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Showing posts from November, 2014

Wood Science 101 (19) - The North American Bow-Wood

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Last week we reveled in the properties and history of a great European tree, the yew, with specific focus on the legendary long-bows wielded by the British archers of a thousand years ago. But did you know that there is an American equivalent, a tree with wood of unique properties that has been utilized for many, varied uses, including wood for the bows of Native Americans?

Well, there is...and I stumbled across one yesterday in Winchester, Virginia. If you're a country folk, you'll recognize it by its unmistakable fruit.



The Osage-orange, or bois d'arc tree (Maclura pomifera), bears this somewhat unearthly-looking fruit pod. Slightly larger and heavier than a softball, many a young lad has had horse-apple fights with their buddies that ended up with in a sticky mess in someone's hair.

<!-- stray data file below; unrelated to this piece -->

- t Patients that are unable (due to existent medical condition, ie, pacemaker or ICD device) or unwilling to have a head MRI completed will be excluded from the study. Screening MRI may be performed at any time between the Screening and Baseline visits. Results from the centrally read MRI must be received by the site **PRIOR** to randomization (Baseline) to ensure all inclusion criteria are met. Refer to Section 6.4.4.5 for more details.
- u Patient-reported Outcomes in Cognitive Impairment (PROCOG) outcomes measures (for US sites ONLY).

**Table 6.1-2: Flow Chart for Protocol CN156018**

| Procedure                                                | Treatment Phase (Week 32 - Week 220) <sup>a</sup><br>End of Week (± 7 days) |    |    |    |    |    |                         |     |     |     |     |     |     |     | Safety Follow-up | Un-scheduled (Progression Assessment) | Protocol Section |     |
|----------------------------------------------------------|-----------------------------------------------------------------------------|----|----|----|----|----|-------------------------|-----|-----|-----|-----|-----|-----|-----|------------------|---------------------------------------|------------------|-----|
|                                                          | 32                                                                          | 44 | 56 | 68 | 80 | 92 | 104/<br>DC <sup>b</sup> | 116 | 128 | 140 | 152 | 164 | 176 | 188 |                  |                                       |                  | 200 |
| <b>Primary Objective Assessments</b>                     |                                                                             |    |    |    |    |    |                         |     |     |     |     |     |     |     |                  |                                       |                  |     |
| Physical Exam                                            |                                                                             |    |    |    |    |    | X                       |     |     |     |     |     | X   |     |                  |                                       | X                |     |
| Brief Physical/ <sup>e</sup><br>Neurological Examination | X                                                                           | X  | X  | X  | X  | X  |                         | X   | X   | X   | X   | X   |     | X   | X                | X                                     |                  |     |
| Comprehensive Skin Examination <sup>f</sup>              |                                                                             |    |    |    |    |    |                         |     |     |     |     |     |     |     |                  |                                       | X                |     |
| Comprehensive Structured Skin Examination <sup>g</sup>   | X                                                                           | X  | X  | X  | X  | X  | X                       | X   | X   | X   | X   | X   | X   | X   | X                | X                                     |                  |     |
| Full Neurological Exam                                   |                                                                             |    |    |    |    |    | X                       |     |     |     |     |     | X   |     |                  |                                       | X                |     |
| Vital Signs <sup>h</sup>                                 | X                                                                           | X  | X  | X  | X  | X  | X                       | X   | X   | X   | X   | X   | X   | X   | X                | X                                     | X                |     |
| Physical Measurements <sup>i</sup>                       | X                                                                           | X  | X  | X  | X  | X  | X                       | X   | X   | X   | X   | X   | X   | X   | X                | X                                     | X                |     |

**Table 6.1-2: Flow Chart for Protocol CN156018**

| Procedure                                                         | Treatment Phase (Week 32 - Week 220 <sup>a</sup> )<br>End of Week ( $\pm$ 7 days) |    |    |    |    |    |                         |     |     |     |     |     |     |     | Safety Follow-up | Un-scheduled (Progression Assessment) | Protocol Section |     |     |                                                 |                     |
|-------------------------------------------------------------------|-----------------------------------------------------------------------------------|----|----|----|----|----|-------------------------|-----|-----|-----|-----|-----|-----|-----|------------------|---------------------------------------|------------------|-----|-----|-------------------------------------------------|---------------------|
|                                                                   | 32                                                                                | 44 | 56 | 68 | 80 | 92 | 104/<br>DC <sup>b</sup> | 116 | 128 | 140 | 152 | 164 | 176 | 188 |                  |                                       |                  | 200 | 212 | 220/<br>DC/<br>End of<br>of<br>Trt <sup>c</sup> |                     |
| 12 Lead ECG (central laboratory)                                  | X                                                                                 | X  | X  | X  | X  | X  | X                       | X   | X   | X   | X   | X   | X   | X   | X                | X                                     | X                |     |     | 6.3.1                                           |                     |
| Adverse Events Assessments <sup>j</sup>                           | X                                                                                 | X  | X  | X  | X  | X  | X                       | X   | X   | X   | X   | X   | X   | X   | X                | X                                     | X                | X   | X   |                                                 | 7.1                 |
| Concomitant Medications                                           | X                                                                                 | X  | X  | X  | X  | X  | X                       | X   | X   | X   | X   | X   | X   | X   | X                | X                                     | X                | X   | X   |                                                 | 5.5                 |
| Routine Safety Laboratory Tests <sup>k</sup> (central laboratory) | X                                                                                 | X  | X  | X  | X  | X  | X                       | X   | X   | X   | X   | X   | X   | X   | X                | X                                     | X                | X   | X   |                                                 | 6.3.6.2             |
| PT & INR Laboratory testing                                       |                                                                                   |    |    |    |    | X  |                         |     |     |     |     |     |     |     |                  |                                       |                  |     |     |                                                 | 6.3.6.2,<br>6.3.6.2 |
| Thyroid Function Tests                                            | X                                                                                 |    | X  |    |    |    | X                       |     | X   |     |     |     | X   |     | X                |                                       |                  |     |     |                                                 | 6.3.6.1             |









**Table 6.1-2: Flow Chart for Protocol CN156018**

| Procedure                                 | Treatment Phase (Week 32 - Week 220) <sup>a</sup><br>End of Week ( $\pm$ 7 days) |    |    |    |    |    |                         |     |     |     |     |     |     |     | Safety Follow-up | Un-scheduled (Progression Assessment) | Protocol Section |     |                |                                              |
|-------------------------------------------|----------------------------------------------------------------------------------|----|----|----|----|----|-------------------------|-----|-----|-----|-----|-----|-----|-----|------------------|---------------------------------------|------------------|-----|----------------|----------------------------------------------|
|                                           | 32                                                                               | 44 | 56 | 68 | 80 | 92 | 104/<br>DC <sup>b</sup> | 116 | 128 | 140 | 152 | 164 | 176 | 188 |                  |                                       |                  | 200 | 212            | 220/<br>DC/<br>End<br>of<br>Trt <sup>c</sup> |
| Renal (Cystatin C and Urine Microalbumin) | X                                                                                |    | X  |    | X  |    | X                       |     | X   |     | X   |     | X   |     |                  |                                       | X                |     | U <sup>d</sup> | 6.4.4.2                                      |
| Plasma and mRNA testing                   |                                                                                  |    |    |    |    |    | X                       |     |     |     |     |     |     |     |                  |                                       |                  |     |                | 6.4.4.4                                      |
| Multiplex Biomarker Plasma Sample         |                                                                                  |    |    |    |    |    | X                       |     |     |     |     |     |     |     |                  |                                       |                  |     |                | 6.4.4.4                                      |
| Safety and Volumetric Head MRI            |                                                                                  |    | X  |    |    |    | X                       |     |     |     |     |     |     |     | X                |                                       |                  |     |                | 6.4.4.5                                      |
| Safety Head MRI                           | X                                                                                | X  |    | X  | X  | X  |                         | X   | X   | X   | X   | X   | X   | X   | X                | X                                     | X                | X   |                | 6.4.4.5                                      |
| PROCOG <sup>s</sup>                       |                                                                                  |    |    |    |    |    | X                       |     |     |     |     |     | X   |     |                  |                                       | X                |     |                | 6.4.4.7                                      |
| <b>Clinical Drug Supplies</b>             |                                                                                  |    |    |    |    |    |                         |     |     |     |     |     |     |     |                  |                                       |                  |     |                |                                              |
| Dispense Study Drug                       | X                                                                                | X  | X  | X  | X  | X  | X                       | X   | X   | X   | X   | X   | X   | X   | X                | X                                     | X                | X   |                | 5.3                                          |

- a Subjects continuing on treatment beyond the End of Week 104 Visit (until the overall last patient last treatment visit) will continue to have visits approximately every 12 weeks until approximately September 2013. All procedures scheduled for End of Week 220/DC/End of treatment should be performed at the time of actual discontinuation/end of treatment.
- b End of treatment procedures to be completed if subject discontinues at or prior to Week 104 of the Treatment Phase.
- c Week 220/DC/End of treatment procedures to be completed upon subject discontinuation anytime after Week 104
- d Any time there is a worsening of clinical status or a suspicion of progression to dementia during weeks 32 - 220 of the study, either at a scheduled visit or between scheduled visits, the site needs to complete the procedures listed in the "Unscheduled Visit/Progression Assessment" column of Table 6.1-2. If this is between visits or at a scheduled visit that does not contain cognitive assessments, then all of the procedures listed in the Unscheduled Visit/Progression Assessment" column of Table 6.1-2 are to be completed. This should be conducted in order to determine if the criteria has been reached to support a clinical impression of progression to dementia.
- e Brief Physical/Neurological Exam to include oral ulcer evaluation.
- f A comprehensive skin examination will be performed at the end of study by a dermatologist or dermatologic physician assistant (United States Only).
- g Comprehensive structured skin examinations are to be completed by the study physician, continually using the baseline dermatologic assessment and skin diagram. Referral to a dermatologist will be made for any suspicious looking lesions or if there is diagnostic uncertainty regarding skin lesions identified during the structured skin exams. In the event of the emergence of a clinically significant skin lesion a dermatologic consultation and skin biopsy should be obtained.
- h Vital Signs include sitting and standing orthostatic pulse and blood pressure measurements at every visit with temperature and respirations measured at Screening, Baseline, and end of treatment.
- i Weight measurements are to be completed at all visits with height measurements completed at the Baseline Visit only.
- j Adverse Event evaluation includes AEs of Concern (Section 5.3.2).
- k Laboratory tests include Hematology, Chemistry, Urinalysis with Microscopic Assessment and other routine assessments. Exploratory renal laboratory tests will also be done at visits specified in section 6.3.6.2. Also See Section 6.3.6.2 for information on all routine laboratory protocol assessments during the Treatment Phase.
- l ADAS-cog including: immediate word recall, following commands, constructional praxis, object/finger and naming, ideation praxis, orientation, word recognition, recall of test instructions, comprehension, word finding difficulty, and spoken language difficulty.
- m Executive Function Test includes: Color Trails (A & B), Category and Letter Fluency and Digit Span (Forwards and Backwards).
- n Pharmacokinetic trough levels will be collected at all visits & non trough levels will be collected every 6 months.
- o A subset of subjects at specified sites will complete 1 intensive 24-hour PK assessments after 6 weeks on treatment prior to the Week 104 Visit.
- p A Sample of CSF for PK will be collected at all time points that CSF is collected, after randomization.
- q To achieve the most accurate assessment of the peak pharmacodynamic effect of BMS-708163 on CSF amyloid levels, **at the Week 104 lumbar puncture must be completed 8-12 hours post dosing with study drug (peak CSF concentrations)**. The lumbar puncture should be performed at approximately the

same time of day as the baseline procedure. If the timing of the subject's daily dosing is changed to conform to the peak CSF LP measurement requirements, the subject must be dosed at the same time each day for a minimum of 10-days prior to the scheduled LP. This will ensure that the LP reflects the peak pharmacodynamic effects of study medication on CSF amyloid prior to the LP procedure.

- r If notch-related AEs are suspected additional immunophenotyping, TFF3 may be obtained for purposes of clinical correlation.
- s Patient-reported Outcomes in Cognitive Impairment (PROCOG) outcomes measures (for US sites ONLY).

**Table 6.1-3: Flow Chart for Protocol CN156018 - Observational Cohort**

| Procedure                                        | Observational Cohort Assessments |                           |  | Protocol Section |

Birds seem to love the Osage-orange, and have contributed to the spread of the tree across the land.  As I stumbled around a stack of roof trusses in front of the tree, several dozen dov…

An Uplifting Story from the Coast of Maine

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Several folks have asked about Carol Chang, one of our 2013 Penn State graduates who has been profiled here on Go Wood, since she got out into the world. I updated the original post with the news that she had been hired by Weatherend Furniture of Rockland, Maine, shortly after that post, thanks to Collin Miller of the Northern Forest Center who shared the post around with his industry contacts. That simple act of extra effort by Mr. Miller resulted in the realization of a great career opportunity for a young woman who just needed a chance to show what she could do.